The Mara and the Hare
Mara are large rodents found in Argentina. Their scientific name is Dolichotis patagonum. Darwin doesn’t mention coming across Mara per se in The Voyage of the Beagle; instead he talks about encountering agoutis on the plains of Patagonia. However, there seems little doubt that what he was referring to was Mara.
Darwin’s fascination with Mara stemmed from the fact that he recognized that in the absence of any hares, these large rodents were their ecological equivalents. In fact, he called them, “Patagonian hares.” While a Mara is considerably bigger than a hare, it is true that there is a good deal of physical similarity between these phylogenetically quite distinct creatures. It is an example of what would become known as convergent evolution, where unrelated animals placed in quite similar circumstances come to resemble each other because natural selection leads to similar adaptations or outcomes. It’s why Thylacines resemble wolves and auks do a pretty good imitation of penguins.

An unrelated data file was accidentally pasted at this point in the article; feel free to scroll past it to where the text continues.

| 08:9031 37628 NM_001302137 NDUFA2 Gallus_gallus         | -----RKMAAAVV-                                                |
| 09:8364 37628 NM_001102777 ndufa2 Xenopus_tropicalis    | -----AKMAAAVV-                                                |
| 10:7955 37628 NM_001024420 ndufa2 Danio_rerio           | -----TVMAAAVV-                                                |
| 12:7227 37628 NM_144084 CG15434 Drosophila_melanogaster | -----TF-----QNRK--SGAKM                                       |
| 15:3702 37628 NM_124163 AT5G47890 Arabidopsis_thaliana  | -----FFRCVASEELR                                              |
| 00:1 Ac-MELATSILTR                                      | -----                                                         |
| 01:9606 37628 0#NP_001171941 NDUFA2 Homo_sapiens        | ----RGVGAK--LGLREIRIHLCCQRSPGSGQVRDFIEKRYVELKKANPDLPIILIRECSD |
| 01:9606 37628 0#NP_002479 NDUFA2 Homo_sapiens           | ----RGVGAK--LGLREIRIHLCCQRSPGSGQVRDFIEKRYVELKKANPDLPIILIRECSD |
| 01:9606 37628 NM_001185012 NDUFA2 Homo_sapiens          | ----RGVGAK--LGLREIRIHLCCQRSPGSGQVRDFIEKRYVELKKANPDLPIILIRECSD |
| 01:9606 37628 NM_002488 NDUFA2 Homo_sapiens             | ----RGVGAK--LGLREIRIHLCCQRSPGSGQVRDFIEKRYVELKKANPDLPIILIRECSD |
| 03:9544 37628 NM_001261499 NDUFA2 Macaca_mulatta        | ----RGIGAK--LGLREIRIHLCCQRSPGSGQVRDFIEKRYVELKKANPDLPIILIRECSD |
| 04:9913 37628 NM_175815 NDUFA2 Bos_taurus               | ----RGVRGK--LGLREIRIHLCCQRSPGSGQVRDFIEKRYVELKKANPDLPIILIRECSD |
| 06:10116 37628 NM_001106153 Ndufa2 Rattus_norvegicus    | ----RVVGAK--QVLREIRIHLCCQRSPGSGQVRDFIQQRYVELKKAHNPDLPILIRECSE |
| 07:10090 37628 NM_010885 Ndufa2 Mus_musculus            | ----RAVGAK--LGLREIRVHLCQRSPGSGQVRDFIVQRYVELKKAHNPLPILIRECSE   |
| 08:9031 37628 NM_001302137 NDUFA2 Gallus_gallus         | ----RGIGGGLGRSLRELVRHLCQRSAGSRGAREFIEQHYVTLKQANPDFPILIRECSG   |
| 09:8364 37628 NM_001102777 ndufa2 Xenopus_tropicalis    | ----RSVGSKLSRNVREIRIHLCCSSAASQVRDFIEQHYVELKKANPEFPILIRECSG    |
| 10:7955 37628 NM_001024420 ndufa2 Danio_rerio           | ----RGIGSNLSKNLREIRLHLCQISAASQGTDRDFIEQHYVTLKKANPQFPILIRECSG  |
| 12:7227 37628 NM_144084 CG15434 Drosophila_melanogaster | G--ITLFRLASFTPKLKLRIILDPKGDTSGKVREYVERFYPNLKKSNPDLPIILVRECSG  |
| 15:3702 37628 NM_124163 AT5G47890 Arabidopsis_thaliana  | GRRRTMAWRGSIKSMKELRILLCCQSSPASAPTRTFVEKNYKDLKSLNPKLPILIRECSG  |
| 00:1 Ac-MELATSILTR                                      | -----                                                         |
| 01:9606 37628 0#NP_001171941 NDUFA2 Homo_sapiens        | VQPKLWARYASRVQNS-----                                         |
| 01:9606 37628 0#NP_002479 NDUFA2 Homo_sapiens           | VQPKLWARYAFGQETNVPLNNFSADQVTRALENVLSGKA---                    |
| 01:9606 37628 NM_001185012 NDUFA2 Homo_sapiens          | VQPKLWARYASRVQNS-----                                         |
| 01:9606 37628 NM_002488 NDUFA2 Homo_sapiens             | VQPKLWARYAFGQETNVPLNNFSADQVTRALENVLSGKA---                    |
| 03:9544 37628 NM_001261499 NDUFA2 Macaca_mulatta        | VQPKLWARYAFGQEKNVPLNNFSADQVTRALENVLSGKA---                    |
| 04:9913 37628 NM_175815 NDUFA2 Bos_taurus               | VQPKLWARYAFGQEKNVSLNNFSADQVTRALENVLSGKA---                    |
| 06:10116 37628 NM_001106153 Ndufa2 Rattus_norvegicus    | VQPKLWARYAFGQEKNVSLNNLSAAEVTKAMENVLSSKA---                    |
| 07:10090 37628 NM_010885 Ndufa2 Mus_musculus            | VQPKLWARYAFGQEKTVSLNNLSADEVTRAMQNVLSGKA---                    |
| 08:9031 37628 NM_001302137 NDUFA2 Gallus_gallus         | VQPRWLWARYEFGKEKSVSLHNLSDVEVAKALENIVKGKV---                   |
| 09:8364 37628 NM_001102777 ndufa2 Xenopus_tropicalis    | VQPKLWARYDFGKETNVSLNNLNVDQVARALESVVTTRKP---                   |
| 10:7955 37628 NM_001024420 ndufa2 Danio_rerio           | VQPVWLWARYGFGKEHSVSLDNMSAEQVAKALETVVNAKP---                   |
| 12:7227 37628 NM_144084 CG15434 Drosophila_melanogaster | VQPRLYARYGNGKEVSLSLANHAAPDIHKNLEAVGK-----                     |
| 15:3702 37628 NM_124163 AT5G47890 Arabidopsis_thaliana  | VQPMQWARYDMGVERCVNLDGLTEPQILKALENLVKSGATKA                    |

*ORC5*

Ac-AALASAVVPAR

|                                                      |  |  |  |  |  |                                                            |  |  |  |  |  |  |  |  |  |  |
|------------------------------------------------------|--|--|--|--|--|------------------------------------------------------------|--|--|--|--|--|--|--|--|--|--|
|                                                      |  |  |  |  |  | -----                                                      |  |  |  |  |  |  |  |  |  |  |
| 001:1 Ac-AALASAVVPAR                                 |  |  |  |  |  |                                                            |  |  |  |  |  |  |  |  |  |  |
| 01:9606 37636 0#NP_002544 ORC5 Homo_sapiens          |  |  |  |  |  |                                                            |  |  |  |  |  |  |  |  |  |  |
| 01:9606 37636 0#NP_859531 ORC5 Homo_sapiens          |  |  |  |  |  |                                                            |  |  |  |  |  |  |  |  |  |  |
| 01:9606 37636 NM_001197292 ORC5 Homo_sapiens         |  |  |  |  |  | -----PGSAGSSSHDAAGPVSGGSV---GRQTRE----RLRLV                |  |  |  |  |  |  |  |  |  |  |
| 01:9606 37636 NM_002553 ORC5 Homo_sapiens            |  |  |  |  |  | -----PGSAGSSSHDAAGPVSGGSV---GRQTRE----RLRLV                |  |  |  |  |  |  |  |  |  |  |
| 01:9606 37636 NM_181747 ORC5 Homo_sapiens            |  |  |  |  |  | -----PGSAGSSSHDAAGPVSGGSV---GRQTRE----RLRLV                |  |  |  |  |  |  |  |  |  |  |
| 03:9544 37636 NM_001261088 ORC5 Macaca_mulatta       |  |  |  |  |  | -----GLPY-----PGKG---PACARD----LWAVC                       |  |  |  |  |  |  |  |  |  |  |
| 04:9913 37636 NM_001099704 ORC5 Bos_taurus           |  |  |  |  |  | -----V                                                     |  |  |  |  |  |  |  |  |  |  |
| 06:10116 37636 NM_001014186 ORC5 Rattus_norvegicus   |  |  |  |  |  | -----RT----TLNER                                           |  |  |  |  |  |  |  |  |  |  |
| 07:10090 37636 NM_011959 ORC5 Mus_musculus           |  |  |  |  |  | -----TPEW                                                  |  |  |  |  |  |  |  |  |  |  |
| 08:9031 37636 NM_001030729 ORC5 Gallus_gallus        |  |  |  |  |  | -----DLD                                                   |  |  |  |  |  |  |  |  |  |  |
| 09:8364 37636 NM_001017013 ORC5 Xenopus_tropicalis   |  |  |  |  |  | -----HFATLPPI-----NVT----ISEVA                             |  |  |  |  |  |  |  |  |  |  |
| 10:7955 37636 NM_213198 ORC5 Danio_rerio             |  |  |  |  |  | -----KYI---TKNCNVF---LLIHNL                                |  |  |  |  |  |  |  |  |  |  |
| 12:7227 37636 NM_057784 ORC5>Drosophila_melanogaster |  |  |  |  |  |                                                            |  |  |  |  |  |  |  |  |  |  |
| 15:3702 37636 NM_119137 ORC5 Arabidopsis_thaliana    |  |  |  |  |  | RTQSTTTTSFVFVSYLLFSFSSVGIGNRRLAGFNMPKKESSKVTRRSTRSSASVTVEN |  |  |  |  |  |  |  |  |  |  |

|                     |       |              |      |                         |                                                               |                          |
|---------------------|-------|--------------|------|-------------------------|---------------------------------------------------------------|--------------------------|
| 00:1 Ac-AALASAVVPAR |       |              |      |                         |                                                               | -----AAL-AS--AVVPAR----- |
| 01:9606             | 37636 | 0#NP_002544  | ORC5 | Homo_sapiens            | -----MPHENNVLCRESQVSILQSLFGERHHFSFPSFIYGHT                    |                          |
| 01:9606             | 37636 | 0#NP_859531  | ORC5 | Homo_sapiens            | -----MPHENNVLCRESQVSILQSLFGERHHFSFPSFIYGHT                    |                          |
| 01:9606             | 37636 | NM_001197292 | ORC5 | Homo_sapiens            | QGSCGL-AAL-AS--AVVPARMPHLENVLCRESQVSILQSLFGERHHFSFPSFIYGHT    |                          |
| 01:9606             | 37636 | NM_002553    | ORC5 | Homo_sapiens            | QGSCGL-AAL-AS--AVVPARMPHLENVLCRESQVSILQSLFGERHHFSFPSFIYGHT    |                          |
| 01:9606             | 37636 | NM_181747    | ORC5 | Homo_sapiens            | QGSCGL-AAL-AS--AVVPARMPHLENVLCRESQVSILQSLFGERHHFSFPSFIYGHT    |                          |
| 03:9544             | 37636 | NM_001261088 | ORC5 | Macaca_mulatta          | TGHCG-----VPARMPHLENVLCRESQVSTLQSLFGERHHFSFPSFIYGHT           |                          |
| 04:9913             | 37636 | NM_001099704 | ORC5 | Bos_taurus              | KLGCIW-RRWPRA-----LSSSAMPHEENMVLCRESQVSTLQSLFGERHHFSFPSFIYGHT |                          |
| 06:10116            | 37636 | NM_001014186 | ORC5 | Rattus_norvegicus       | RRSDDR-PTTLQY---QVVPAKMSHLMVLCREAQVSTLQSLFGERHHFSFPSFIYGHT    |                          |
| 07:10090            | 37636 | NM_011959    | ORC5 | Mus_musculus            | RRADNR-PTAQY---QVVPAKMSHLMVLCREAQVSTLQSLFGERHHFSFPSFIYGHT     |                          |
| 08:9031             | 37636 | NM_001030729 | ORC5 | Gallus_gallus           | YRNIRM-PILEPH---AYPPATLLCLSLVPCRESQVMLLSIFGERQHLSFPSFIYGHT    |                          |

Some might argue that was probably the most crucial take-home message a young Darwin could extract from these rabbit-like rodents. Yet, to me, the most amazing thing about Mara is that they are not like normal mammals at all. They certainly don’t breed like rabbits: they are one of the few monogamous mammals for one thing. And while in his later years Darwin would come to puzzle over the implications of males being inherently polygynous (big words for saying simply that males like to get it away with as many females as they can), the exciting question is not why evolution made men and other mammals like that, but why it made Mara the way it did. It is the exceptions that, so often in biology, prove the rule.